On the origin of fore-arc basins: new evidence of formation by rifting from the Jurassic of Alexander Island, Antarctica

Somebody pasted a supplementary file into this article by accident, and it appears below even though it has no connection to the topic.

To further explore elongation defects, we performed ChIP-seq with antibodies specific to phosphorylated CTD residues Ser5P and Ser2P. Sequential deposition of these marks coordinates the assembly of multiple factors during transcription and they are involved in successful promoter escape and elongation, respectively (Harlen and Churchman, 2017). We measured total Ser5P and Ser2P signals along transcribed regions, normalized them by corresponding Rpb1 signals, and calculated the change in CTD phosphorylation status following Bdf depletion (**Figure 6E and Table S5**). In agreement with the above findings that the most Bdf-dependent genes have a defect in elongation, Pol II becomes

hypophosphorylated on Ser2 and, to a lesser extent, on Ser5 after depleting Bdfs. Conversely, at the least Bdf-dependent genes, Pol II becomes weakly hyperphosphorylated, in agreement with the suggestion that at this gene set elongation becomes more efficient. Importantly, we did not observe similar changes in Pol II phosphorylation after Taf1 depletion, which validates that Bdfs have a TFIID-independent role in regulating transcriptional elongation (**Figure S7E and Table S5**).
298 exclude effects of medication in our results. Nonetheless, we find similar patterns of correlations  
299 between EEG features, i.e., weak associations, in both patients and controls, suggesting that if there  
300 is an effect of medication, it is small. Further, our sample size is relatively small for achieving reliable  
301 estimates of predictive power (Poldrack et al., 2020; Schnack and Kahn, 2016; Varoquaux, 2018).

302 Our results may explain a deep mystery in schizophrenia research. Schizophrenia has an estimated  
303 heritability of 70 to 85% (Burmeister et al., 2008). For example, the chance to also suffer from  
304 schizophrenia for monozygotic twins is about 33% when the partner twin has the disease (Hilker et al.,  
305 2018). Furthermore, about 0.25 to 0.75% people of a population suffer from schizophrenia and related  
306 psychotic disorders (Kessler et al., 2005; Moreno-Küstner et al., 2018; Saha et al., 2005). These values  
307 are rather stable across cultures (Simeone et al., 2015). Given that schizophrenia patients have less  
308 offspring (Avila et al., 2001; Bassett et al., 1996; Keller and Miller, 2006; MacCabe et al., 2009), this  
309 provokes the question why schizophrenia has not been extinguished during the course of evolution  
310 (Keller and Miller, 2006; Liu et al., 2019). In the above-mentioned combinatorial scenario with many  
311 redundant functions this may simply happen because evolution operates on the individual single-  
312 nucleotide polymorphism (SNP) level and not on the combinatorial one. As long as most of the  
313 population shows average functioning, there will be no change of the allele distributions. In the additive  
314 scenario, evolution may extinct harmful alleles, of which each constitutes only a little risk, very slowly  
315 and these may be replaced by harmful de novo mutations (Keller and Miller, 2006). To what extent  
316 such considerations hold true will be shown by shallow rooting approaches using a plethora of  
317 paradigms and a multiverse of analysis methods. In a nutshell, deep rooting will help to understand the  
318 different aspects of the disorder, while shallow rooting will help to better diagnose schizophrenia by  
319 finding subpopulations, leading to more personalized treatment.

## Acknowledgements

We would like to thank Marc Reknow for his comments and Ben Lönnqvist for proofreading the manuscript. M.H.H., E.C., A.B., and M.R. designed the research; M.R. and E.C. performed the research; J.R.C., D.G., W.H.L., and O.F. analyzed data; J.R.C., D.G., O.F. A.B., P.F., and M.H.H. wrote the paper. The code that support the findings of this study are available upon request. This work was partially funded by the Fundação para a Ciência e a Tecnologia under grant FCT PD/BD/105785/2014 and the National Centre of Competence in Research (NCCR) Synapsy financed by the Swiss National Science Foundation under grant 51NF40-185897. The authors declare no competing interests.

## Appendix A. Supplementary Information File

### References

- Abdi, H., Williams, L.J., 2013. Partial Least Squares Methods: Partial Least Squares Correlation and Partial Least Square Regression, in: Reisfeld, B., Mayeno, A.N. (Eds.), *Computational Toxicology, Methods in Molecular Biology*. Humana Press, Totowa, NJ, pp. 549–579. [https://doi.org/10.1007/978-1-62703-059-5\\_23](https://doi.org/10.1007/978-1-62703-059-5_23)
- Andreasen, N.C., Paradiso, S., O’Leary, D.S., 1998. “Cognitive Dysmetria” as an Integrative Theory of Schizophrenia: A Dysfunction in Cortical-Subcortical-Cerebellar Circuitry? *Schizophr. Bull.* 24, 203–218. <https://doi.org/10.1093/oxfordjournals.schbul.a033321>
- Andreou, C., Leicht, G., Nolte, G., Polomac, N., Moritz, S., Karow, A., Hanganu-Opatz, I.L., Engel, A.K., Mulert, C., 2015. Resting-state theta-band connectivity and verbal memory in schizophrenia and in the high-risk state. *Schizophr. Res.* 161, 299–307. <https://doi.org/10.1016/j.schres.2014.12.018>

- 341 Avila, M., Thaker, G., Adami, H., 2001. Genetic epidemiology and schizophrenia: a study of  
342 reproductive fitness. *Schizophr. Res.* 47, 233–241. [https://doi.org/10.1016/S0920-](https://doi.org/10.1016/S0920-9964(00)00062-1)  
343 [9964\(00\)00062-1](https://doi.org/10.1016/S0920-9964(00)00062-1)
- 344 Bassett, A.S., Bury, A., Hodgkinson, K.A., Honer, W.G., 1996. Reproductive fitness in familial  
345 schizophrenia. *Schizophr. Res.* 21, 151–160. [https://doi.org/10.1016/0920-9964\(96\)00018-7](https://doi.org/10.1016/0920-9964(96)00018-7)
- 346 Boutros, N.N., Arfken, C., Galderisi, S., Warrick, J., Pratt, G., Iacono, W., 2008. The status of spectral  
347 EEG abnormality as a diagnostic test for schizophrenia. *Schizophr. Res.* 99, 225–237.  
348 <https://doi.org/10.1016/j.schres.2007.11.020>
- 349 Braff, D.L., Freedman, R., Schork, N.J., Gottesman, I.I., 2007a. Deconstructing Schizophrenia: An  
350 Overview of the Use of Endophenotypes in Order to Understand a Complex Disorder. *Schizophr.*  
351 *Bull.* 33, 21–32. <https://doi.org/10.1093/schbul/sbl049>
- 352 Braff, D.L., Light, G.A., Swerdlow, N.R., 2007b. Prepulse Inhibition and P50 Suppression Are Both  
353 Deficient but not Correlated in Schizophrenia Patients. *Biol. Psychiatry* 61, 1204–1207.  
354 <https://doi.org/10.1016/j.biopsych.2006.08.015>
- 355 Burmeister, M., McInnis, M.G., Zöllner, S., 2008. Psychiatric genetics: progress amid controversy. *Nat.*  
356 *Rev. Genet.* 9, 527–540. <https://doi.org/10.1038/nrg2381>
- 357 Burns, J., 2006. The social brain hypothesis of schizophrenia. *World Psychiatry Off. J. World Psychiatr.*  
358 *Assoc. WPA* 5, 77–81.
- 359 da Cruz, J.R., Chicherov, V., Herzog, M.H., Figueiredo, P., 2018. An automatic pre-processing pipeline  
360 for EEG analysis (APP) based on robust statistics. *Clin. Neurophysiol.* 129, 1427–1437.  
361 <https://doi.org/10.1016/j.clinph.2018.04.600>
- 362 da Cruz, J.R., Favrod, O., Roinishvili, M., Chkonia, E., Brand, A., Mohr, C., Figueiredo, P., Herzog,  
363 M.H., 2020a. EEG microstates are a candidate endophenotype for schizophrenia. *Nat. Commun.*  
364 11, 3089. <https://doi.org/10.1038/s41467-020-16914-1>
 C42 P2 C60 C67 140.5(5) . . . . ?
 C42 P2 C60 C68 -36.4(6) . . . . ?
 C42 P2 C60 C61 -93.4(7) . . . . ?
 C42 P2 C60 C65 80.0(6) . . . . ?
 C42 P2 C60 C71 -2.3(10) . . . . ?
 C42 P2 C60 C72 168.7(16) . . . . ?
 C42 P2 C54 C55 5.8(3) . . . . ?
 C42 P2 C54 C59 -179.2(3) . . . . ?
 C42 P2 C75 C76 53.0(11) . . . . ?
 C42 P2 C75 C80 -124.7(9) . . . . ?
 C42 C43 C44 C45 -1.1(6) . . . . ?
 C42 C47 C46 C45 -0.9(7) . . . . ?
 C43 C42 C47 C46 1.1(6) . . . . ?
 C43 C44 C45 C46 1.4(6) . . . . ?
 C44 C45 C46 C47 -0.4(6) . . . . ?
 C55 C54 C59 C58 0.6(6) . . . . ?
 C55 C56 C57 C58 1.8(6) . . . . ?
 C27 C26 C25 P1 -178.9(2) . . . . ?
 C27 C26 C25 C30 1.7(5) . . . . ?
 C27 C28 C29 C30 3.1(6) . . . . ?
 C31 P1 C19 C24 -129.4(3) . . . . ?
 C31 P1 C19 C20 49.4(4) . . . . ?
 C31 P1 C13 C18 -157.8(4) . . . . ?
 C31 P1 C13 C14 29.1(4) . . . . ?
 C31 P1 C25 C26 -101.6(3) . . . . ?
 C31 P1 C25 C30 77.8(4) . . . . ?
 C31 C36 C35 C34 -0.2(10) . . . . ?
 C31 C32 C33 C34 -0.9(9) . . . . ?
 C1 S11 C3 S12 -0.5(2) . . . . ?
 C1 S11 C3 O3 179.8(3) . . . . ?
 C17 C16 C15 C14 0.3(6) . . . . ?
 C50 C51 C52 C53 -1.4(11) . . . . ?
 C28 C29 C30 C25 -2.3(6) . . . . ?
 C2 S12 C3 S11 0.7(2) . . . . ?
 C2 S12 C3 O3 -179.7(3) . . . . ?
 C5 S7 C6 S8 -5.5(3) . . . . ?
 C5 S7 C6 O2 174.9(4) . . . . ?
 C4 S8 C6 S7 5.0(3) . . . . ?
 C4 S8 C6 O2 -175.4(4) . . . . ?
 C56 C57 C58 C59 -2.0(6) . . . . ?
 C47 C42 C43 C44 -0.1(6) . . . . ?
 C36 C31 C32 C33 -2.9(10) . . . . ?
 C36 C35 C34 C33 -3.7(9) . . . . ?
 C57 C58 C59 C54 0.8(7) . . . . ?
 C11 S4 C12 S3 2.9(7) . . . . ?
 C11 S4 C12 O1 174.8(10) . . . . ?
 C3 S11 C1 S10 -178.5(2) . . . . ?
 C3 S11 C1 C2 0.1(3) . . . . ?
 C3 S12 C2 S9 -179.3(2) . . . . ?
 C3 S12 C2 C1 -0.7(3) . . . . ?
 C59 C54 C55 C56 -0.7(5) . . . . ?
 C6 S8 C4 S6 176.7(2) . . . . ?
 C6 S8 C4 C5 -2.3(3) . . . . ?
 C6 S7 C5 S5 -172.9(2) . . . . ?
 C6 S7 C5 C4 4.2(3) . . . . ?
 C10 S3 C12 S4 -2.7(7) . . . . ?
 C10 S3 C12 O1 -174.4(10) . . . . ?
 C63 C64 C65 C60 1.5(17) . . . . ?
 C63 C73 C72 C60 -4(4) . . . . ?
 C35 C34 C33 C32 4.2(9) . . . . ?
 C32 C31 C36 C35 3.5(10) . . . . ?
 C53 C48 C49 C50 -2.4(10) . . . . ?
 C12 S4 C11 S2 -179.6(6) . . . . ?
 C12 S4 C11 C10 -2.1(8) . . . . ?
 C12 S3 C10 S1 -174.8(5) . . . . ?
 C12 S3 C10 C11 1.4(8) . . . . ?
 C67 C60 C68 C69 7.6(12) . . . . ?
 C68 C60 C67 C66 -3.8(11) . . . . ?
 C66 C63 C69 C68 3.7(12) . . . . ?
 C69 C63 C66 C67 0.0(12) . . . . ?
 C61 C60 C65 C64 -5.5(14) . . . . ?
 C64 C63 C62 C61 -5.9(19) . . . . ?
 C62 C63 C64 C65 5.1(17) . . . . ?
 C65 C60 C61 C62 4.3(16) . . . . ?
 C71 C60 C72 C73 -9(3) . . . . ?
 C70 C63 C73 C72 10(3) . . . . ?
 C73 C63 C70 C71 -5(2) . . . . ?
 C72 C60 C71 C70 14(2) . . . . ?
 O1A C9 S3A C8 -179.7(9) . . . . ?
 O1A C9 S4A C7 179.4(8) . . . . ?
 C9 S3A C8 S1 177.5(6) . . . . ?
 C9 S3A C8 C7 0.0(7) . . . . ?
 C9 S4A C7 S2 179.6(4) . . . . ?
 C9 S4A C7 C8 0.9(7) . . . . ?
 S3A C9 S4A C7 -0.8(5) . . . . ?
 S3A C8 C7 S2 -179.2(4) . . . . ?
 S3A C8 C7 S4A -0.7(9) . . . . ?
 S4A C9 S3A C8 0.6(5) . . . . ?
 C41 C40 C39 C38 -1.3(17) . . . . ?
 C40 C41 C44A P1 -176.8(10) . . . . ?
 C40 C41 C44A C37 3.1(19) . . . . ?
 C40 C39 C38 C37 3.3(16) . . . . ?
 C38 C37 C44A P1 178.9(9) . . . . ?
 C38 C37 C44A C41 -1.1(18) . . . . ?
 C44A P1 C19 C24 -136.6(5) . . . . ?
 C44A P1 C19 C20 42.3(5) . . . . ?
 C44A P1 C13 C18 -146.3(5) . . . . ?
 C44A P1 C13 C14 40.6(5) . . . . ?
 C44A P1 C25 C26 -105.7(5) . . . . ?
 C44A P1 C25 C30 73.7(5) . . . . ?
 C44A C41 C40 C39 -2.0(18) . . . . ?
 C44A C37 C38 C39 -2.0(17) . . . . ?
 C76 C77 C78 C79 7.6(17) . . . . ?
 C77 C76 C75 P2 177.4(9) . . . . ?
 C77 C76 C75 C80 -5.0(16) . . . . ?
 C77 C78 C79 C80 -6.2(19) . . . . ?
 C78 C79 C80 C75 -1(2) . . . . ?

The Middle Jurassic–Lower Cretaceous Fossil Bluff Group of Alexander Island, Antarctica represents the fill of a fore-arc basin unconformably overlying an accretionary complex. Like most fore-arc basins, this example had been considered to have a passive origin, as a topographic hollow between the arc and the trench-slope break. Recent discoveries of igneous rock coeval with sedimentation have altered this view. Oxfordian–Kimmeridgian basaltic and rhyolitic sills and lava flows are found in a restricted area at the north of the basin, within a single formation. Chemically, most basalts are high-Nb types, which cannot have originated in a supra-subduction zone setting. Since the age of emplacement of these rocks coincides with a gap in the record of plutonism in the Antarctic Peninsula volcanic arc, it is concluded that a late Jurassic pause in subduction led to active rifting to form the fore-arc basin.
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